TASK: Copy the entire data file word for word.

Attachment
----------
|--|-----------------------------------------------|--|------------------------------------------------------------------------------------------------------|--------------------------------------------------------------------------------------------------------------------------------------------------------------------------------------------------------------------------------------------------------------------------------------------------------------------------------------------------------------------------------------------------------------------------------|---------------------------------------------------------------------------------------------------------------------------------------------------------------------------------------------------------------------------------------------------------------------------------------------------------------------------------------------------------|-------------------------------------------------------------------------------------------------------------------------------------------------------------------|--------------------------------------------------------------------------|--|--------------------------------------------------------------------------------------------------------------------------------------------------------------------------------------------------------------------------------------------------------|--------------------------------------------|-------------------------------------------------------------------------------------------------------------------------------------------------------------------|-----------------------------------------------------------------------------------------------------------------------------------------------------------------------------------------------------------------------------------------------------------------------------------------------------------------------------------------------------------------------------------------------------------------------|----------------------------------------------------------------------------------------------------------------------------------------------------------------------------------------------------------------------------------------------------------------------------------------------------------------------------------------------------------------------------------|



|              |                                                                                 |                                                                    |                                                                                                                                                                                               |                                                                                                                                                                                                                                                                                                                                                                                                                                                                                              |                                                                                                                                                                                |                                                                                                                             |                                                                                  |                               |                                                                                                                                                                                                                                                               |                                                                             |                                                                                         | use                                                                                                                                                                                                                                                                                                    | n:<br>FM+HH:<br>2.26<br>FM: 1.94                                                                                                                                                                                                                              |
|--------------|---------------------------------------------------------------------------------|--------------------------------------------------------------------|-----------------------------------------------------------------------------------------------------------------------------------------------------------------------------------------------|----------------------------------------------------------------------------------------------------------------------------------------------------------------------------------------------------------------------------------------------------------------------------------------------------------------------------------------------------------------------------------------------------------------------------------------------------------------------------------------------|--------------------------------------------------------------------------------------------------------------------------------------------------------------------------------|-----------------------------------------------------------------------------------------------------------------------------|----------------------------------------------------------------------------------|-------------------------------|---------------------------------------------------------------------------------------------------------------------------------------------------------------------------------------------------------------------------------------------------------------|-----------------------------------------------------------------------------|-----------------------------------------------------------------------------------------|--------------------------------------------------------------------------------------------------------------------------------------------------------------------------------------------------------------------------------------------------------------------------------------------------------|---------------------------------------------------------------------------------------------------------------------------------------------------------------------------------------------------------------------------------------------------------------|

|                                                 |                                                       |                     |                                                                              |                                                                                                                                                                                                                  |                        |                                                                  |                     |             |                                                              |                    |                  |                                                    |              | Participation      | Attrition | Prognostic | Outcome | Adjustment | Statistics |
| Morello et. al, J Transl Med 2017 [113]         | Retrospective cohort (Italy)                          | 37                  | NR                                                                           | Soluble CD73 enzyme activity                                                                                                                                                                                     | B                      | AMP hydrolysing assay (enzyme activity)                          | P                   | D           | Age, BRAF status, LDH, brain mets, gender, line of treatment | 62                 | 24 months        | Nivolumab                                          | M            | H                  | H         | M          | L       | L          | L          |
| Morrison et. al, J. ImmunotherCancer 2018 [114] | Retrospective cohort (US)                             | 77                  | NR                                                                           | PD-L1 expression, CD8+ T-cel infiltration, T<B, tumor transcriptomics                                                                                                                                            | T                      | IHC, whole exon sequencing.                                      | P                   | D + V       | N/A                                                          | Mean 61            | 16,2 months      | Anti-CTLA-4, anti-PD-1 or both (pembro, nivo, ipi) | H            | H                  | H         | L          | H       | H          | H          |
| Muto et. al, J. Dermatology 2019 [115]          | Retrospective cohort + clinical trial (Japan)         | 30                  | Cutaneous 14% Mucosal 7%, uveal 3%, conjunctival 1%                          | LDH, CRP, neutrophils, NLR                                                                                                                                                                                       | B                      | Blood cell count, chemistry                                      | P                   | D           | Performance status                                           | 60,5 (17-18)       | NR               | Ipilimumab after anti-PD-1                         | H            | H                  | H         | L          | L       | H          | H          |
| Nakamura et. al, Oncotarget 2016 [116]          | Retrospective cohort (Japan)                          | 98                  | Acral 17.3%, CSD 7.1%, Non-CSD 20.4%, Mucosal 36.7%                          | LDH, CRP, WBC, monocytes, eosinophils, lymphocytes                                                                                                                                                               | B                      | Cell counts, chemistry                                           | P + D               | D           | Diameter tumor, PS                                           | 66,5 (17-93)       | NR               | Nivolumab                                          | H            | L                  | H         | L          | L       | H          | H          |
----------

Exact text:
|--|-----------------------------------------------|--|------------------------------------------------------------------------------------------------------|--------------------------------------------------------------------------------------------------------------------------------------------------------------------------------------------------------------------------------------------------------------------------------------------------------------------------------------------------------------------------------------------------------------------------------|---------------------------------------------------------------------------------------------------------------------------------------------------------------------------------------------------------------------------------------------------------------------------------------------------------------------------------------------------------|-------------------------------------------------------------------------------------------------------------------------------------------------------------------|--------------------------------------------------------------------------|--|--------------------------------------------------------------------------------------------------------------------------------------------------------------------------------------------------------------------------------------------------------|--------------------------------------------|-------------------------------------------------------------------------------------------------------------------------------------------------------------------|-----------------------------------------------------------------------------------------------------------------------------------------------------------------------------------------------------------------------------------------------------------------------------------------------------------------------------------------------------------------------------------------------------------------------|----------------------------------------------------------------------------------------------------------------------------------------------------------------------------------------------------------------------------------------------------------------------------------------------------------------------------------------------------------------------------------|



|              |                                                                                 |                                                                    |                                                                                                                                                                                               |                                                                                                                                                                                                                                                                                                                                                                                                                                                                                              |                                                                                                                                                                                |                                                                                                                             |                                                                                  |                               |                                                                                                                                                                                                                                                               |                                                                             |                                                                                         | use                                                                                                                                                                                                                                                                                                    | n:<br>FM+HH:<br>2.26<br>FM: 1.94                                                                                                                                                                                                                              |
|--------------|---------------------------------------------------------------------------------|--------------------------------------------------------------------|-----------------------------------------------------------------------------------------------------------------------------------------------------------------------------------------------|----------------------------------------------------------------------------------------------------------------------------------------------------------------------------------------------------------------------------------------------------------------------------------------------------------------------------------------------------------------------------------------------------------------------------------------------------------------------------------------------|--------------------------------------------------------------------------------------------------------------------------------------------------------------------------------|-----------------------------------------------------------------------------------------------------------------------------|----------------------------------------------------------------------------------|-------------------------------|---------------------------------------------------------------------------------------------------------------------------------------------------------------------------------------------------------------------------------------------------------------|-----------------------------------------------------------------------------|-----------------------------------------------------------------------------------------|--------------------------------------------------------------------------------------------------------------------------------------------------------------------------------------------------------------------------------------------------------------------------------------------------------|---------------------------------------------------------------------------------------------------------------------------------------------------------------------------------------------------------------------------------------------------------------|

|                                                 |                                                       |                     |                                                                              |                                                                                                                                                                                                                  |                        |                                                                  |                     |             |                                                              |                    |                  |                                                    |              | Participation      | Attrition | Prognostic | Outcome | Adjustment | Statistics |
| Morello et. al, J Transl Med 2017 [113]         | Retrospective cohort (Italy)                          | 37                  | NR                                                                           | Soluble CD73 enzyme activity                                                                                                                                                                                     | B                      | AMP hydrolysing assay (enzyme activity)                          | P                   | D           | Age, BRAF status, LDH, brain mets, gender, line of treatment | 62                 | 24 months        | Nivolumab                                          | M            | H                  | H         | M          | L       | L          | L          |
| Morrison et. al, J. ImmunotherCancer 2018 [114] | Retrospective cohort (US)                             | 77                  | NR                                                                           | PD-L1 expression, CD8+ T-cel infiltration, T<B, tumor transcriptomics                                                                                                                                            | T                      | IHC, whole exon sequencing.                                      | P                   | D + V       | N/A                                                          | Mean 61            | 16,2 months      | Anti-CTLA-4, anti-PD-1 or both (pembro, nivo, ipi) | H            | H                  | H         | L          | H       | H          | H          |
| Muto et. al, J. Dermatology 2019 [115]          | Retrospective cohort + clinical trial (Japan)         | 30                  | Cutaneous 14% Mucosal 7%, uveal 3%, conjunctival 1%                          | LDH, CRP, neutrophils, NLR                                                                                                                                                                                       | B                      | Blood cell count, chemistry                                      | P                   | D           | Performance status                                           | 60,5 (17-18)       | NR               | Ipilimumab after anti-PD-1                         | H            | H                  | H         | L          | L       | H          | H          |
| Nakamura et. al, Oncotarget 2016 [116]          | Retrospective cohort (Japan)                          | 98                  | Acral 17.3%, CSD 7.1%, Non-CSD 20.4%, Mucosal 36.7%                          | LDH, CRP, WBC, monocytes, eosinophils, lymphocytes                                                                                                                                                               | B                      | Cell counts, chemistry                                           | P + D               | D           | Diameter tumor, PS                                           | 66,5 (17-93)       | NR               | Nivolumab                                          | H            | L                  | H         | L          | L       | H          | H          |